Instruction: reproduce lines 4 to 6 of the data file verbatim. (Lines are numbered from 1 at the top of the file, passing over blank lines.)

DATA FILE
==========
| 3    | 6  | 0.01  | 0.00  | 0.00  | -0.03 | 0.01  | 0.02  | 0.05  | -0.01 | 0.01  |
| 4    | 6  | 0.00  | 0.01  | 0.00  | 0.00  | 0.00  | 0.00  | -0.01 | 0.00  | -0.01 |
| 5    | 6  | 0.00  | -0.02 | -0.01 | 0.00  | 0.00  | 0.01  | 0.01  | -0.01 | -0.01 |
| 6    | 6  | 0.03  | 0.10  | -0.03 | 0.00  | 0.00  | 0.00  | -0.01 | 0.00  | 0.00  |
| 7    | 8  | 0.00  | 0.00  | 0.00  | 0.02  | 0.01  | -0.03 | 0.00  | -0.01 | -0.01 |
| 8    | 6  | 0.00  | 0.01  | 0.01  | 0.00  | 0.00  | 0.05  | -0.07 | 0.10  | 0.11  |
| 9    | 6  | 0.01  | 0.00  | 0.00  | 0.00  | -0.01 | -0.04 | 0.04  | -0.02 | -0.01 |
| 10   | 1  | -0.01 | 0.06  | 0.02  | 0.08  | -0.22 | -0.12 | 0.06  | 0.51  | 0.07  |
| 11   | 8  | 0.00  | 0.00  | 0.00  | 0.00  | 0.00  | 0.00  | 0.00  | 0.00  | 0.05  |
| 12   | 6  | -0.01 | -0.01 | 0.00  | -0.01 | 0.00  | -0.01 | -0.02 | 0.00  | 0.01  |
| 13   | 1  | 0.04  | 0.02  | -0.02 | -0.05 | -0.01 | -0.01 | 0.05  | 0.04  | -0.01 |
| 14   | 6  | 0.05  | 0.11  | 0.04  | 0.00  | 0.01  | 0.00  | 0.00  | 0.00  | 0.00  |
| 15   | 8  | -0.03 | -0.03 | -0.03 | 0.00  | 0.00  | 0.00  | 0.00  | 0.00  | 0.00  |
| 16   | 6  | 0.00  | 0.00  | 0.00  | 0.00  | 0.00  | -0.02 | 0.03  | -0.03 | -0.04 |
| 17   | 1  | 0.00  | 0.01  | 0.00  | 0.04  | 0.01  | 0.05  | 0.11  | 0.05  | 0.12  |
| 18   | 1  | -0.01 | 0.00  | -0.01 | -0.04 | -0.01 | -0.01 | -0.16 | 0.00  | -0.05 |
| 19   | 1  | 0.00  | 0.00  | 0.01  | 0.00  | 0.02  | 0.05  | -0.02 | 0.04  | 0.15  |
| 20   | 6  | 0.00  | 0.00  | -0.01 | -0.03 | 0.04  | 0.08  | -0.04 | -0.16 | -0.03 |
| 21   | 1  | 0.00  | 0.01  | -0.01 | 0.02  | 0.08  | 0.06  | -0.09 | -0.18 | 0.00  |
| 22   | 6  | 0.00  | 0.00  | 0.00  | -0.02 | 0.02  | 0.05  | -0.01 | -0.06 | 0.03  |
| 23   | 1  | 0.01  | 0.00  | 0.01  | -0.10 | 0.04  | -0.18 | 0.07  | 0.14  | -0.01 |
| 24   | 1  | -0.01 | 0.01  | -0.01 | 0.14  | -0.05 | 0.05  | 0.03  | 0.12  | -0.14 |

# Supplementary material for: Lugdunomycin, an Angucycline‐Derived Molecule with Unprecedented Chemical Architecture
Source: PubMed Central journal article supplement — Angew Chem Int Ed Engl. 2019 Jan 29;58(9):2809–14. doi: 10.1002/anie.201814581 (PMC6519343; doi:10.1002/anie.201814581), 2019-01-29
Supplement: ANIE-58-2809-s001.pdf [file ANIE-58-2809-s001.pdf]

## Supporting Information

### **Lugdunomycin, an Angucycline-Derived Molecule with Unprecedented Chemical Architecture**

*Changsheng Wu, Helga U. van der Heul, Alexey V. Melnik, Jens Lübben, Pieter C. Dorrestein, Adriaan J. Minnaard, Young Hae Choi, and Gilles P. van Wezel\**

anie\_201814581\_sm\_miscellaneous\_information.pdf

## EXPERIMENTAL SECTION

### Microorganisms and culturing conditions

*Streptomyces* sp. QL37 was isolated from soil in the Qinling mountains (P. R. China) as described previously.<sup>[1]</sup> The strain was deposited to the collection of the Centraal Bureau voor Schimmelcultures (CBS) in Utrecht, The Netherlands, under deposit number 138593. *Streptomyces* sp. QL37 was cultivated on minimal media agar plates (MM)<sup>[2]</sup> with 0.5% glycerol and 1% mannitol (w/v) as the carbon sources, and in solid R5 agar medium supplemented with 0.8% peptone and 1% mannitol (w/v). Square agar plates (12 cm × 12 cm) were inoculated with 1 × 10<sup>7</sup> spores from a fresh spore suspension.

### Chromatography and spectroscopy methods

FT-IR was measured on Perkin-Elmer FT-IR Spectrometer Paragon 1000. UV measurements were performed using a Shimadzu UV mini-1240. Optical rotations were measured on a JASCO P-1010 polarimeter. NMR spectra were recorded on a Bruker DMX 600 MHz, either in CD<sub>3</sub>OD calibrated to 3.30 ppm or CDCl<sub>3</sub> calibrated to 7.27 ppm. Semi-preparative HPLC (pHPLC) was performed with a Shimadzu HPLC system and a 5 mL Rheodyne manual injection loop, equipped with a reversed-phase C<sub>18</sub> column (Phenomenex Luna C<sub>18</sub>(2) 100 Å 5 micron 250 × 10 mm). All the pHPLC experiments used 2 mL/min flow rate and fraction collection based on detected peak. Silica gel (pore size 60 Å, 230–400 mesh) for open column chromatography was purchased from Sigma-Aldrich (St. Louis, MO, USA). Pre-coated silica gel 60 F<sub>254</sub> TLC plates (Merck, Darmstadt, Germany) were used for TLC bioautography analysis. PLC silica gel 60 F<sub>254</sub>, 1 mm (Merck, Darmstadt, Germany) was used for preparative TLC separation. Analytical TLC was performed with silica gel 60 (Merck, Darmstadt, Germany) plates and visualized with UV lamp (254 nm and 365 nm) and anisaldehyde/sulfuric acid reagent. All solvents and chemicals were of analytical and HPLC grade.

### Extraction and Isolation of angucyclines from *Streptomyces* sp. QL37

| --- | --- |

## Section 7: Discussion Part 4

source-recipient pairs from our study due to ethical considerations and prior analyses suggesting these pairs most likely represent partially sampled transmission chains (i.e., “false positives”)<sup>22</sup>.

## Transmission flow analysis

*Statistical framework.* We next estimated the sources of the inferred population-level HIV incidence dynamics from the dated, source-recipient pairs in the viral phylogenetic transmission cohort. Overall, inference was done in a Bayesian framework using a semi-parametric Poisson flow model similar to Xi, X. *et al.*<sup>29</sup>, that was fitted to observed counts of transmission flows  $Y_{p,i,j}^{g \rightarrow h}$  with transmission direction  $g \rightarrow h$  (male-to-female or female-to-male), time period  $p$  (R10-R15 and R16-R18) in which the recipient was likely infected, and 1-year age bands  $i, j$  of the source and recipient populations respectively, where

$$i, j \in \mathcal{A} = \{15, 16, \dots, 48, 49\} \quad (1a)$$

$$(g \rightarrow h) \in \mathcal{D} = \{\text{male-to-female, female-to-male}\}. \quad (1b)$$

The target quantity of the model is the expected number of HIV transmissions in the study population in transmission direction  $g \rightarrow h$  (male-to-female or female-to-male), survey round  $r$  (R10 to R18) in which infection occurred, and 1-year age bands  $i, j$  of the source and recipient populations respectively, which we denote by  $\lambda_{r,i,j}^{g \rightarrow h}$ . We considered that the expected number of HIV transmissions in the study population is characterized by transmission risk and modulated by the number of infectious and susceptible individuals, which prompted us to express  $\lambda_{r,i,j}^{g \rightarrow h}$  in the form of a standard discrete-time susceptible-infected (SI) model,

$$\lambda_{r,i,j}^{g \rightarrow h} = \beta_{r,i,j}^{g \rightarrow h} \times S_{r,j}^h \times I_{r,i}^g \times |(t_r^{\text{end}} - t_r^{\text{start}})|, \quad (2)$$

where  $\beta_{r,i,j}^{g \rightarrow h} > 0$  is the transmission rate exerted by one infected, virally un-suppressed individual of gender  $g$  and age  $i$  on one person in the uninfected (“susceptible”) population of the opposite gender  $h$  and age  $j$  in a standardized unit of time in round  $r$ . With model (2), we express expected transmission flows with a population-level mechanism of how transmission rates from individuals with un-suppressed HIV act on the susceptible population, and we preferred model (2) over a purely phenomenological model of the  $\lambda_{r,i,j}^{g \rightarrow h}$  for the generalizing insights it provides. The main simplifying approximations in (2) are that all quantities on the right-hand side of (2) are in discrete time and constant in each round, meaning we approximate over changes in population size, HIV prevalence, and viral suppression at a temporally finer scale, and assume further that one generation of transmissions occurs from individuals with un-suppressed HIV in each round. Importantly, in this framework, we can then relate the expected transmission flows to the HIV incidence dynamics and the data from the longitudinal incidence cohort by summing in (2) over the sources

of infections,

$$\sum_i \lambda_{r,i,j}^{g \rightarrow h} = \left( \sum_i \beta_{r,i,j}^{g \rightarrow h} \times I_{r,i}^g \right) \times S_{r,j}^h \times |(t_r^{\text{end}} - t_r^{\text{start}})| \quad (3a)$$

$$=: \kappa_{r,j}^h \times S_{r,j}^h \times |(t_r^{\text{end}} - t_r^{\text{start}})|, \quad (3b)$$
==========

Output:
| 6    | 6  | 0.03  | 0.10  | -0.03 | 0.00  | 0.00  | 0.00  | -0.01 | 0.00  | 0.00  |
| 7    | 8  | 0.00  | 0.00  | 0.00  | 0.02  | 0.01  | -0.03 | 0.00  | -0.01 | -0.01 |
| 8    | 6  | 0.00  | 0.01  | 0.01  | 0.00  | 0.00  | 0.05  | -0.07 | 0.10  | 0.11  |